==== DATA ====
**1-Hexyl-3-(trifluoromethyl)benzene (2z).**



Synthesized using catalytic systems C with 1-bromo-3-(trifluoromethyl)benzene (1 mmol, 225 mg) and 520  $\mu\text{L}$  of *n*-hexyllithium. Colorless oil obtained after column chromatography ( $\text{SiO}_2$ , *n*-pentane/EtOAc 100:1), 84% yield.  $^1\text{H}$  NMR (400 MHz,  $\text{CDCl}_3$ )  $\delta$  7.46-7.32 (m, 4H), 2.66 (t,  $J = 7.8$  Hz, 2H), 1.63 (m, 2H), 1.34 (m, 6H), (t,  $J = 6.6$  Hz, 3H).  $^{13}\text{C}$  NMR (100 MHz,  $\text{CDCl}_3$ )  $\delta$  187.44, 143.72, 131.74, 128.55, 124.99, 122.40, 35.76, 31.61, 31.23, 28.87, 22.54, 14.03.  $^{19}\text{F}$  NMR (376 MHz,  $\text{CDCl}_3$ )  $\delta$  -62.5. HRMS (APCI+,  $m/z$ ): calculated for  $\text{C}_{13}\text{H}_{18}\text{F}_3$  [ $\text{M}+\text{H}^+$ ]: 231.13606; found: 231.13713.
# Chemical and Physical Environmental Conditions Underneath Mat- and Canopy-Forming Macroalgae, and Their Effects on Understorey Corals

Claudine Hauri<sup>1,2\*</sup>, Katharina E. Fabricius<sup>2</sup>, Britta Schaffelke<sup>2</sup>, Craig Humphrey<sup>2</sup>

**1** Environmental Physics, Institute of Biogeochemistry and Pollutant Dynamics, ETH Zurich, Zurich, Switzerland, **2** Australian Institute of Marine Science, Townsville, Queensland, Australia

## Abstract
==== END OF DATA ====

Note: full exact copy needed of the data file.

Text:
**1-Hexyl-3-(trifluoromethyl)benzene (2z).**



Synthesized using catalytic systems C with 1-bromo-3-(trifluoromethyl)benzene (1 mmol, 225 mg) and 520  $\mu\text{L}$  of *n*-hexyllithium. Colorless oil obtained after column chromatography ( $\text{SiO}_2$ , *n*-pentane/EtOAc 100:1), 84% yield.  $^1\text{H}$  NMR (400 MHz,  $\text{CDCl}_3$ )  $\delta$  7.46-7.32 (m, 4H), 2.66 (t,  $J = 7.8$  Hz, 2H), 1.63 (m, 2H), 1.34 (m, 6H), (t,  $J = 6.6$  Hz, 3H).  $^{13}\text{C}$  NMR (100 MHz,  $\text{CDCl}_3$ )  $\delta$  187.44, 143.72, 131.74, 128.55, 124.99, 122.40, 35.76, 31.61, 31.23, 28.87, 22.54, 14.03.  $^{19}\text{F}$  NMR (376 MHz,  $\text{CDCl}_3$ )  $\delta$  -62.5. HRMS (APCI+,  $m/z$ ): calculated for  $\text{C}_{13}\text{H}_{18}\text{F}_3$  [ $\text{M}+\text{H}^+$ ]: 231.13606; found: 231.13713.
# Chemical and Physical Environmental Conditions Underneath Mat- and Canopy-Forming Macroalgae, and Their Effects on Understorey Corals

Claudine Hauri<sup>1,2\*</sup>, Katharina E. Fabricius<sup>2</sup>, Britta Schaffelke<sup>2</sup>, Craig Humphrey<sup>2</sup>

**1** Environmental Physics, Institute of Biogeochemistry and Pollutant Dynamics, ETH Zurich, Zurich, Switzerland, **2** Australian Institute of Marine Science, Townsville, Queensland, Australia

## Abstract